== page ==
Becoming a primary school teacher in Trinidad and Tobago: Part 2: Teaching practice experience of trainees


The monograph reports on a study that sought to gain insights into the process of learning to teach by obtaining information on the teaching practice process, observing teaching practice sessions, and documenting and analysing the views of the major stakeholders involved in this process, namely, the trainees, the teachers’ college lecturers who supervise the teaching practice, and principals and cooperating teachers in the primary schools to which trainees are attached for fieldwork. The study focused on the preparation of trainees at the two government teacher’s colleges—Valsayn Teachers’ College and Corinth Teachers’ College—in Trinidad and Tobago. Data were collected through document analysis; observation of trainees as they taught classes in the schools, observation of post teaching conferences between trainees and supervisors; and in-depth, semi-structured interviews with trainees, supervisors, cooperating teachers, and principals of cooperating schools. It was found that there were differences in provisions for teaching practice as well as in the structure of the programme between the colleges. The provisions for practice also varied significantly among the cooperating schools and determined the type of opportunities offered to trainees for applying the strategies taught. Teacher educators generally viewed the provisions for teaching practice as less than ideal. Trainees were generally of the view that they were overburdened with work in preparing units and lessons for teaching practice sessions. Most trainees were conscientious about making use of what they had learnt at college during the teaching practice.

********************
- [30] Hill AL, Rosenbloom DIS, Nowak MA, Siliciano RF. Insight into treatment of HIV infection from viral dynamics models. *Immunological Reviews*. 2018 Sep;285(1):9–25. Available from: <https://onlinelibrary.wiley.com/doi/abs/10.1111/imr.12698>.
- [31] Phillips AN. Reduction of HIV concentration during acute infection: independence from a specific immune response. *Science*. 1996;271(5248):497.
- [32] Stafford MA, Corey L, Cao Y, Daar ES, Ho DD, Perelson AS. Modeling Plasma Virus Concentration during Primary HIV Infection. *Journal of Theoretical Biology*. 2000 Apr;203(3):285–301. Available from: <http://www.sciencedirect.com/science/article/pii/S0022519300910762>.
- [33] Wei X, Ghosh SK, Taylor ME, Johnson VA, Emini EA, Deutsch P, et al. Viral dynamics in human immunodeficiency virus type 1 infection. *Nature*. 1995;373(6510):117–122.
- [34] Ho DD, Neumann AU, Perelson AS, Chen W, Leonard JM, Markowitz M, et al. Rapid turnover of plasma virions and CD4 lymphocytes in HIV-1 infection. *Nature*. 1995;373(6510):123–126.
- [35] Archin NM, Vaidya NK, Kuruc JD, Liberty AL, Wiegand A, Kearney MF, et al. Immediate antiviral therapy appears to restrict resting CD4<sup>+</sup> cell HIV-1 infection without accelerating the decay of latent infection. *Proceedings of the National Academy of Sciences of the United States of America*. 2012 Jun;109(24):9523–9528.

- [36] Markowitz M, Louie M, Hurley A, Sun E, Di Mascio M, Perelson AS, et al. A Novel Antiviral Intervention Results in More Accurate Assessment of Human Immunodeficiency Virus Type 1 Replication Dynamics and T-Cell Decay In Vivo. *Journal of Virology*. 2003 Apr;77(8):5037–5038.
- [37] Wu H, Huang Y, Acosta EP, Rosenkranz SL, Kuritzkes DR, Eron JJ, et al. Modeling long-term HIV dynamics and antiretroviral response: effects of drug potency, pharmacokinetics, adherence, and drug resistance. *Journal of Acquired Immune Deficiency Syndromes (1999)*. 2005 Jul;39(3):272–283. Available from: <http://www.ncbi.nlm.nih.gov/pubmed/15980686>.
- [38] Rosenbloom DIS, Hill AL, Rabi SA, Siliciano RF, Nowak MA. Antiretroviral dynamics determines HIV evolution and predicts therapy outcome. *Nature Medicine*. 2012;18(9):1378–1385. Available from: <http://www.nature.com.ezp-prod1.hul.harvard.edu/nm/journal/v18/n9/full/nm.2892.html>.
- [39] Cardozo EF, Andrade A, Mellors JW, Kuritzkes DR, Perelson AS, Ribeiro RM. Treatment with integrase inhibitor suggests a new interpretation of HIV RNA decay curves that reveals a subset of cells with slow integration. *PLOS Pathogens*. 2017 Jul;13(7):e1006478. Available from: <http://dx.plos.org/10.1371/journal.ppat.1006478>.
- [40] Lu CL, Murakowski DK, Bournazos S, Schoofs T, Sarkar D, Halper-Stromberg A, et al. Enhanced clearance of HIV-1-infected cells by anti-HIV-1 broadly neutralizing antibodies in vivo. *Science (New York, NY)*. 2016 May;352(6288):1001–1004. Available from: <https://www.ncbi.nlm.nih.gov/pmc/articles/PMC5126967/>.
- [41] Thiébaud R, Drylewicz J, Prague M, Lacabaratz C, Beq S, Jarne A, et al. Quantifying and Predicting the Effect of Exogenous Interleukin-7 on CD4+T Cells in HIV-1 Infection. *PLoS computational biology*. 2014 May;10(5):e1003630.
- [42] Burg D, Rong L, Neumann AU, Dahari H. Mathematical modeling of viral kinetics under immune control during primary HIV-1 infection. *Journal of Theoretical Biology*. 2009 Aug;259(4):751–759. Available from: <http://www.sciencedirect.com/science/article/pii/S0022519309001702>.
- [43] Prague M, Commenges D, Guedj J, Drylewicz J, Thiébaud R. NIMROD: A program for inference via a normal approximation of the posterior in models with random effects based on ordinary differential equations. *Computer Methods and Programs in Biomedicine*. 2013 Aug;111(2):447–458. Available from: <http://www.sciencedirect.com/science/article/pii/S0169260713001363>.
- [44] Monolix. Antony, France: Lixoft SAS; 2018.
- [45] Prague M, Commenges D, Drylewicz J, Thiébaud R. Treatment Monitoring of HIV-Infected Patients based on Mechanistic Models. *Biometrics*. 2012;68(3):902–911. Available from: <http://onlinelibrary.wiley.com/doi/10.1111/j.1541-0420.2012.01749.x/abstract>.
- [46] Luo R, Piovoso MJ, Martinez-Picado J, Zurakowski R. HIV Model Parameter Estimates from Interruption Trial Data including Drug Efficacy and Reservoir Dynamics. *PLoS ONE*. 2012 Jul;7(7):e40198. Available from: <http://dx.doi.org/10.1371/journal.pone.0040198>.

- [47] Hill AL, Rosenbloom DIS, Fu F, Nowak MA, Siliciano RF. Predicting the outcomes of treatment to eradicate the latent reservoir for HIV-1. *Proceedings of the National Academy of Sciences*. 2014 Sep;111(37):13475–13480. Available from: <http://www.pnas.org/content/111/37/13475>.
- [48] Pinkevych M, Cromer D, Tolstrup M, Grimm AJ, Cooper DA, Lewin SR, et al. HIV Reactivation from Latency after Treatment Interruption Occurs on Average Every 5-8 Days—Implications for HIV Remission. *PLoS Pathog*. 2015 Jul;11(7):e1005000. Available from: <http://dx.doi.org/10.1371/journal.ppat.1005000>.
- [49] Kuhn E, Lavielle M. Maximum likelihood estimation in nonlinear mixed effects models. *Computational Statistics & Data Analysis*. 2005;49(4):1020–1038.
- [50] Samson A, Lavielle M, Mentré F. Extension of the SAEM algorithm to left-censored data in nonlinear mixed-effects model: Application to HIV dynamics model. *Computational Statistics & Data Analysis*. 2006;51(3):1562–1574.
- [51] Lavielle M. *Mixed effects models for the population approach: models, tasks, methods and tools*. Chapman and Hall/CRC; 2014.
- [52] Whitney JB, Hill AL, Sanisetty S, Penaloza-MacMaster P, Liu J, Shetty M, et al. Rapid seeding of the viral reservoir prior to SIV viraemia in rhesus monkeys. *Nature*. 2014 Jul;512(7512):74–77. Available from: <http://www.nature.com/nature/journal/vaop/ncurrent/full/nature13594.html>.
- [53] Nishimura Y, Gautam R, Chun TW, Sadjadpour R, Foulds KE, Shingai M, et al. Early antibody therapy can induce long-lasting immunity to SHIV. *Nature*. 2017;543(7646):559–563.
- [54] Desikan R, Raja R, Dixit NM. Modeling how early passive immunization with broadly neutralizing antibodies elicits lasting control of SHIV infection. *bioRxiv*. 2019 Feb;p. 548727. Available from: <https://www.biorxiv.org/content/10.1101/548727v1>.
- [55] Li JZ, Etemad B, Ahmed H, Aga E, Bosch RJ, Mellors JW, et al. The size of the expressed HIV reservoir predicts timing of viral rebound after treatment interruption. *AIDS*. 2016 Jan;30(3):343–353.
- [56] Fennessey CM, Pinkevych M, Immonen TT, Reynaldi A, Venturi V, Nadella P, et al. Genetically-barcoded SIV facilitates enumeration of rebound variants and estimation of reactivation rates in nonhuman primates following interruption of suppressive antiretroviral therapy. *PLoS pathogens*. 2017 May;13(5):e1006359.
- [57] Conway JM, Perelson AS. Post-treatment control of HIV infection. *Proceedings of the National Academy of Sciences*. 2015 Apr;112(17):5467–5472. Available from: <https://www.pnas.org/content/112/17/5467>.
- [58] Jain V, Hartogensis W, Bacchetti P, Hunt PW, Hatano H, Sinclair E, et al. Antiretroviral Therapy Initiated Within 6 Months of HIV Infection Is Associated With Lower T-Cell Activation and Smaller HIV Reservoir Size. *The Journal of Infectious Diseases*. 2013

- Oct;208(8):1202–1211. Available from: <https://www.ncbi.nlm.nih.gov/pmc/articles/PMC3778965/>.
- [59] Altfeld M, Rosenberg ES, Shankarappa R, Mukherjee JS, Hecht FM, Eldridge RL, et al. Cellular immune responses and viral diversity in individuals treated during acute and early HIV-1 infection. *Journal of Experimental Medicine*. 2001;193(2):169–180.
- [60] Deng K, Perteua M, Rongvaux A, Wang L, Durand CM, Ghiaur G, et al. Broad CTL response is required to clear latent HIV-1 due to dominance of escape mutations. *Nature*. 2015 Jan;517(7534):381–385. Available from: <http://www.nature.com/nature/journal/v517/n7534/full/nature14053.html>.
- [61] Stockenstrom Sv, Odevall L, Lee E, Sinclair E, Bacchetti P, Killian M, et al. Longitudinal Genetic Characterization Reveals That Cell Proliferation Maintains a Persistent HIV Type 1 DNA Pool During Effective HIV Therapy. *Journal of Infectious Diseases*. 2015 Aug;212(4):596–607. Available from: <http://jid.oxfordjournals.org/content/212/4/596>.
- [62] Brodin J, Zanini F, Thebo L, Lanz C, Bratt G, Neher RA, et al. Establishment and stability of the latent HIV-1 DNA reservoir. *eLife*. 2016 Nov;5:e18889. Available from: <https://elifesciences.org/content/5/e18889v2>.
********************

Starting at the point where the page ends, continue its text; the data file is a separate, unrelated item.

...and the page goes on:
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teachers colleges, primary school, teacher training